New Child Support Guidelines - Excessive Arrearages Are Not in Child's Best Interest
Attributing potential income that results in an unrealistic child support obligation may cause the accumulation of an excessive arrearage, and be contrary to the best interests of the child(ren). Research shows that on average more noncustodial parental involvement is associated with greater child educational attainment and lower juvenile delinquency. Ordering support for low-income parents at levels they can reasonably pay may improve noncustodial parent-child contact; and in turn, the outcomes for their children.
In other words, a noncustodial parent may be less likely to have contact with the child if he/she is harassed to pay back a large child support arrearage. The counter-argument is that the noncustodial parent made his/her own bed when he/she failed to pay support and now they must lie in it. By including this language the Supreme Court is not favoring custodial or noncustodial parents, but rather the children involved.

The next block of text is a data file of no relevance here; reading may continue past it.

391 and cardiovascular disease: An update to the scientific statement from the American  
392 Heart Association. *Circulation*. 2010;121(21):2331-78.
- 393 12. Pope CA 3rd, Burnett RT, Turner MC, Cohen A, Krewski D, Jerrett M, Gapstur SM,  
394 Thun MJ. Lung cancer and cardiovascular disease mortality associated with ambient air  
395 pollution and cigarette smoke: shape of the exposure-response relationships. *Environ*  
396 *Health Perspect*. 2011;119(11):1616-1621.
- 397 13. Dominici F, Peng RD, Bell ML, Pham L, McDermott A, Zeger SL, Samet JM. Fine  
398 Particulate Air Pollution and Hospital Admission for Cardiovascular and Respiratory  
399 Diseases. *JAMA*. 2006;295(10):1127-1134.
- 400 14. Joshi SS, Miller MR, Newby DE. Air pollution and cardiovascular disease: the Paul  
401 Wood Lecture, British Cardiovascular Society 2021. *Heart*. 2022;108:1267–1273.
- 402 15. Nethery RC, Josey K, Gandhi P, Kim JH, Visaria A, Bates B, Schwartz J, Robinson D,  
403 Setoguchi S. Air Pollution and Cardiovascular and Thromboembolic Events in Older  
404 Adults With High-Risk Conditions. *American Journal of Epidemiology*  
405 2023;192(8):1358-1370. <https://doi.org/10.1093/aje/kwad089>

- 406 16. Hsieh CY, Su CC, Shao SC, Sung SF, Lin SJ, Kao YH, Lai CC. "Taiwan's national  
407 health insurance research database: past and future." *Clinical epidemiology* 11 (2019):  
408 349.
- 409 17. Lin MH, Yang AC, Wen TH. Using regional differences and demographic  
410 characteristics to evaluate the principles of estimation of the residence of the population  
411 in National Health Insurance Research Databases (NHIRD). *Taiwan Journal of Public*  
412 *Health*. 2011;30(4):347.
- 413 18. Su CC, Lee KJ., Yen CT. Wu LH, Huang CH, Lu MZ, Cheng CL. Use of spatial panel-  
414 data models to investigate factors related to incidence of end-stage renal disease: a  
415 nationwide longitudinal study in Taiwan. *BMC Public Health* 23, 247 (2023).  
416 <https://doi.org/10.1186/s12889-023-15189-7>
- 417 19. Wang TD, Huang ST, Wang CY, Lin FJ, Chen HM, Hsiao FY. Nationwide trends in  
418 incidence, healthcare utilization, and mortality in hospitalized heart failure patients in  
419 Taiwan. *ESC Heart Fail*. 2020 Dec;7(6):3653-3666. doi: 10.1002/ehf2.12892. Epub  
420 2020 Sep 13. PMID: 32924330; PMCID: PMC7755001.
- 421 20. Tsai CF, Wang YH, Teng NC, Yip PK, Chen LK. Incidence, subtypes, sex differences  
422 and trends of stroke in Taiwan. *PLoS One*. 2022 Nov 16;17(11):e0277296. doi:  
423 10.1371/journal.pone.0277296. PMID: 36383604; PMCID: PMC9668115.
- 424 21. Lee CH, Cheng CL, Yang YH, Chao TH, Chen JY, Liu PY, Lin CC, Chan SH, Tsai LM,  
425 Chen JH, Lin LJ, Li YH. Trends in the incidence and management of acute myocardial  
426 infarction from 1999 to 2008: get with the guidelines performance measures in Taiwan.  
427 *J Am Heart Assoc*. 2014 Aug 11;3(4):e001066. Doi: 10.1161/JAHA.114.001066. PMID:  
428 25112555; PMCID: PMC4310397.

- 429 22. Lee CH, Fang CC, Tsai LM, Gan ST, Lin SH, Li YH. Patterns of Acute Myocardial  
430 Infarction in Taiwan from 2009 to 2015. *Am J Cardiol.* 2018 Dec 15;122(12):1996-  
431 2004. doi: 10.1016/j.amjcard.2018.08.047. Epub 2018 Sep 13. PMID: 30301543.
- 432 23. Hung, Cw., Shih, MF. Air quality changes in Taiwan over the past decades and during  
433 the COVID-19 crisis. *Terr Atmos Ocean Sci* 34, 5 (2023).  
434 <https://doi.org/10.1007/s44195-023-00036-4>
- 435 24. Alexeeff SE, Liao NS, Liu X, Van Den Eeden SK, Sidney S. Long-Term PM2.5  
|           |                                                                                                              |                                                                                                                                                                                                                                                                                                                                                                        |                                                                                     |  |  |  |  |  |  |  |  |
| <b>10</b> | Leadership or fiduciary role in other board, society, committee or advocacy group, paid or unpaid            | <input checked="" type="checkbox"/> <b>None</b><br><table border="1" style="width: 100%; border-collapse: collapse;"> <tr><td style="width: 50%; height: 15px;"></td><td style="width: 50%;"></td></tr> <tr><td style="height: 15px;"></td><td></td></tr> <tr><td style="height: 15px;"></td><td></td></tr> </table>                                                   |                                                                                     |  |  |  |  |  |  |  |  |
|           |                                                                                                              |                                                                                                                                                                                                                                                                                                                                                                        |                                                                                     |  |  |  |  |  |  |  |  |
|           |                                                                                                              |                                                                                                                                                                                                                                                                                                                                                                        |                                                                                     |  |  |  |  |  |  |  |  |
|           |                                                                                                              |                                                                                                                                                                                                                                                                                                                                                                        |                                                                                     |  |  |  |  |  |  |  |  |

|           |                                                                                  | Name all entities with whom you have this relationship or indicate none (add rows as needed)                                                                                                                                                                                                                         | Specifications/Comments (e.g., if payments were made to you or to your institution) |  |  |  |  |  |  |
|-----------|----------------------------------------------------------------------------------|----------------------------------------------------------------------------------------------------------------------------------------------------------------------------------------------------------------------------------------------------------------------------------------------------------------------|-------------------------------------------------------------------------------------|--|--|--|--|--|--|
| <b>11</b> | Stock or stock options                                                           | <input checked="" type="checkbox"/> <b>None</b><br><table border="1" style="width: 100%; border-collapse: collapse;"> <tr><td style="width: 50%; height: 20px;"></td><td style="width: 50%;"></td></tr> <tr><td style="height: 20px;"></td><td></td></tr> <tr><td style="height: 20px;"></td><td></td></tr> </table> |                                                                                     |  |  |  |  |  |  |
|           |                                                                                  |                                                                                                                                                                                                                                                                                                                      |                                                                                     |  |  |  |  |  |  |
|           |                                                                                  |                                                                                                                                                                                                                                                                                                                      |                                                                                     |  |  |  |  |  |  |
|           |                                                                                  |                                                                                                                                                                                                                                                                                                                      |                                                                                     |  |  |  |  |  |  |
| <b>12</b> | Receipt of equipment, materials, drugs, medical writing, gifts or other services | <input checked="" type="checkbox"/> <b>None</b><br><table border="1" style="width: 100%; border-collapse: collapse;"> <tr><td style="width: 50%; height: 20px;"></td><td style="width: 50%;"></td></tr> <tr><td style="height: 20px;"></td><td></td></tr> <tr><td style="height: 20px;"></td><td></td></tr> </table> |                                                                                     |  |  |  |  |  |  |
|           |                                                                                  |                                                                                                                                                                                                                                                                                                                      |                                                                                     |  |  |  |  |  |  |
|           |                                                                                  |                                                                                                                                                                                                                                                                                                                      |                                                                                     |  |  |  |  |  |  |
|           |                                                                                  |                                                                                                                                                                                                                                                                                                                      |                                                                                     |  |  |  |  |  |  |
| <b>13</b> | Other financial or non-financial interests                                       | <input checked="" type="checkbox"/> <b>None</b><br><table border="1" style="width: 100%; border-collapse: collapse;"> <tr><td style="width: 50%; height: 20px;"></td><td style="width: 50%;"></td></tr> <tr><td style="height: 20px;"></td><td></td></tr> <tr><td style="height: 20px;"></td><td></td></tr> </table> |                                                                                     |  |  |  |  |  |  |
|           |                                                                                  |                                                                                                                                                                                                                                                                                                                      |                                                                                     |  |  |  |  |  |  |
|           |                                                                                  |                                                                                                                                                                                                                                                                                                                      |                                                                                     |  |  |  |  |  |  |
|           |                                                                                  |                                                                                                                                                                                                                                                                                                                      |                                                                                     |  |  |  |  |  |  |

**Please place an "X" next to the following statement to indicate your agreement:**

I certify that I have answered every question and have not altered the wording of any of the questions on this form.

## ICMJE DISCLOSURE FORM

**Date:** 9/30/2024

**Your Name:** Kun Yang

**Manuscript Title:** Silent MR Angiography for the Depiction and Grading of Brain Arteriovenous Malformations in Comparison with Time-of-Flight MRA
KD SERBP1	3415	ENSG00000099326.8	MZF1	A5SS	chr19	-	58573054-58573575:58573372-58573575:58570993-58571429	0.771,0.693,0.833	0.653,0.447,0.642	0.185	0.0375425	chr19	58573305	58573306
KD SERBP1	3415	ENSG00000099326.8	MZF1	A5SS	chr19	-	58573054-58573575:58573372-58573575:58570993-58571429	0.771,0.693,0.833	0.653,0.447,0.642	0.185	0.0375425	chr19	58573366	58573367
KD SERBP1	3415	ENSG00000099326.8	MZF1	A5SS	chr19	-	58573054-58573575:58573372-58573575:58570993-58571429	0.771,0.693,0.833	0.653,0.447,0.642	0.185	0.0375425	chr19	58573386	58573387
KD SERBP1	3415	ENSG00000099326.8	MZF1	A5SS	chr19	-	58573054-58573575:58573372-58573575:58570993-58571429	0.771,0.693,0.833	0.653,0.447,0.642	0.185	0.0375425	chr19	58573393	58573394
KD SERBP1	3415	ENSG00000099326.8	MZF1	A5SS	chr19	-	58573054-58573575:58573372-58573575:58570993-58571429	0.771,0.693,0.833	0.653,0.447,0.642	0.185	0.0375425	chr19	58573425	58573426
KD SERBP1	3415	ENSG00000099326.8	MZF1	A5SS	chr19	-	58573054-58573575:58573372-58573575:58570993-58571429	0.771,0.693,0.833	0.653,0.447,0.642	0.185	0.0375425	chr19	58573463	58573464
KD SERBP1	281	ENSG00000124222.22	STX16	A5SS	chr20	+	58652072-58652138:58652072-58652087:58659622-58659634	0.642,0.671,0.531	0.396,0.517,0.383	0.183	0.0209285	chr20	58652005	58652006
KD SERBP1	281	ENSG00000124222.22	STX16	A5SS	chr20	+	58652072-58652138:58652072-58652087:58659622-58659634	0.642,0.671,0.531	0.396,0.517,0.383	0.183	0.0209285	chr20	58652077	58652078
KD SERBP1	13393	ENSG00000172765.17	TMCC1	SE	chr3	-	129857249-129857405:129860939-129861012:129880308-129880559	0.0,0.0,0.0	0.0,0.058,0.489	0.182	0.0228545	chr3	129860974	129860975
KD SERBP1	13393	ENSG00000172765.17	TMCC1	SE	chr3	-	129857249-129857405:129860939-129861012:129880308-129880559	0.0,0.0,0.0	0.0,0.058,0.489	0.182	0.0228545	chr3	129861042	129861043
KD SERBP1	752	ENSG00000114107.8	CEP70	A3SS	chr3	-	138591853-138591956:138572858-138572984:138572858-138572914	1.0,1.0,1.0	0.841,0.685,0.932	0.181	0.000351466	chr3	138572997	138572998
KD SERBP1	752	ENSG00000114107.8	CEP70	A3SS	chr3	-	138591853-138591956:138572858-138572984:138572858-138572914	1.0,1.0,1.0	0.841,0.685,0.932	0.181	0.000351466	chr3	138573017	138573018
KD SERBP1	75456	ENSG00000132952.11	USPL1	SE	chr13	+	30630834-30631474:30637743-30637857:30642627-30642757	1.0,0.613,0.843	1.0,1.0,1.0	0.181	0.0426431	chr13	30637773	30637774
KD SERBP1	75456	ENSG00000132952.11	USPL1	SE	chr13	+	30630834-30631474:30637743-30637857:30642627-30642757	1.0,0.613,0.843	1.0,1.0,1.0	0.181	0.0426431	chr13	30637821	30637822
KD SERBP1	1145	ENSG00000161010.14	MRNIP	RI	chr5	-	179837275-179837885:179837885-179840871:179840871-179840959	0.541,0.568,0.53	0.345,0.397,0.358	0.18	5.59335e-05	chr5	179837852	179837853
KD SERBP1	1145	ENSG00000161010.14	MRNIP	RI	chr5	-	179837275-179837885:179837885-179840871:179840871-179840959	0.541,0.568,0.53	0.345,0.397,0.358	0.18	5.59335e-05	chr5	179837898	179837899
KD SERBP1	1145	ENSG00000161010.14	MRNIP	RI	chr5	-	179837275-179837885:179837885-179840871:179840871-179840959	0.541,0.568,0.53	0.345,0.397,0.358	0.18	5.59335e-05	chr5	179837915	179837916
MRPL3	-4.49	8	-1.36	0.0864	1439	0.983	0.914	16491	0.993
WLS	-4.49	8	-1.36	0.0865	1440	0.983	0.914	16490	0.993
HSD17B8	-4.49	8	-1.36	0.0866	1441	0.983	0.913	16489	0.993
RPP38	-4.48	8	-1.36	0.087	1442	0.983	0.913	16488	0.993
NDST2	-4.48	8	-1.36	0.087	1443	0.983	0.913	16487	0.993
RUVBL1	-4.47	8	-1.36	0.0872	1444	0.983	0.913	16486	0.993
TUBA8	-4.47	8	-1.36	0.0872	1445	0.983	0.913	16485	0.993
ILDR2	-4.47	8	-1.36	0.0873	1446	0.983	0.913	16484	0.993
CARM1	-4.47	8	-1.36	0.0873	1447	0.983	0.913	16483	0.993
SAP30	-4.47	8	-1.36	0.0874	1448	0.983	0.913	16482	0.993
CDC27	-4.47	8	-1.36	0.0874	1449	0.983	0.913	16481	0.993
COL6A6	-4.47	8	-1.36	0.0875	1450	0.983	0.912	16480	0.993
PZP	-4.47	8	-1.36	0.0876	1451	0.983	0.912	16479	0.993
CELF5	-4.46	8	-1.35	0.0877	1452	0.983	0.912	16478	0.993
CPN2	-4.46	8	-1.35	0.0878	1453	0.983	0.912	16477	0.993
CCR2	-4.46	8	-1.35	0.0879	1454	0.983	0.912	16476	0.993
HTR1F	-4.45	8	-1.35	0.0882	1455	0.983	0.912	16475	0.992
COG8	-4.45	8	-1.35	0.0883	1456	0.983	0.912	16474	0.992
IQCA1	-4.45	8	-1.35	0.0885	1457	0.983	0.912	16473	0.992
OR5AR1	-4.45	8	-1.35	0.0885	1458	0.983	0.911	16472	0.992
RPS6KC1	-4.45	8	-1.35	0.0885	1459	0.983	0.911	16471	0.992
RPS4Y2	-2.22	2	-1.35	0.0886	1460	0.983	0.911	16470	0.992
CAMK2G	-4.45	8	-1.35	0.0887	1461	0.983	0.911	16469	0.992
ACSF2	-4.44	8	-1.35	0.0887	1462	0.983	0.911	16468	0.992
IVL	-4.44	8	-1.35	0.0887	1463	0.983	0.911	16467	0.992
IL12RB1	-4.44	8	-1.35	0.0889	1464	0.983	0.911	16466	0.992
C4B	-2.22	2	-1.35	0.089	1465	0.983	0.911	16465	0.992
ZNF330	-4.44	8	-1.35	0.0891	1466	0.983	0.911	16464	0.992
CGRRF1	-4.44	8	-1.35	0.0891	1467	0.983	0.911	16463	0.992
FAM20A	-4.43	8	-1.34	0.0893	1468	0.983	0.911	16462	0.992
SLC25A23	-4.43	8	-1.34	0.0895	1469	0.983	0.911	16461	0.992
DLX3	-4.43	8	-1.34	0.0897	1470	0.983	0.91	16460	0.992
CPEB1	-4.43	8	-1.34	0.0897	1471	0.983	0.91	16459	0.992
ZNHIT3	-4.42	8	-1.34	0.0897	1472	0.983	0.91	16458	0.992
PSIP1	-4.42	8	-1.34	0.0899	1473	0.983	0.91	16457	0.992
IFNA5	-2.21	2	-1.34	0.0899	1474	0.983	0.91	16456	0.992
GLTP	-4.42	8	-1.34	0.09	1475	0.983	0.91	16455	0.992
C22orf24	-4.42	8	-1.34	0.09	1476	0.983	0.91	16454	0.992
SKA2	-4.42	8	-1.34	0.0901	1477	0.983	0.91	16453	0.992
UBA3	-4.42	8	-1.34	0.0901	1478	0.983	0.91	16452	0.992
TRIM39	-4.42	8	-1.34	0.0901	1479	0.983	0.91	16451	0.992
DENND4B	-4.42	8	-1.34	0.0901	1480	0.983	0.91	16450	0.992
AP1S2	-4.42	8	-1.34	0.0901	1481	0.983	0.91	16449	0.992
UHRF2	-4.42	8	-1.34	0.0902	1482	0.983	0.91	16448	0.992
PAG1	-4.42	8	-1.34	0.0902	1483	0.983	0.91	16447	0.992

There remains plenty of opportunity for either a custodial or noncustodial parent to argue their own position with support from the guidelines and other applicable law; however, it is clear that the Supreme Court wants attorneys, judges and parents to be cognizant of the concern that high arrearages may, for whatever reason, have the effect of chilling the parent-child relationship, and this is not in the child's best interest.
For more on the policy concerns behind excessive child support arrearages click here.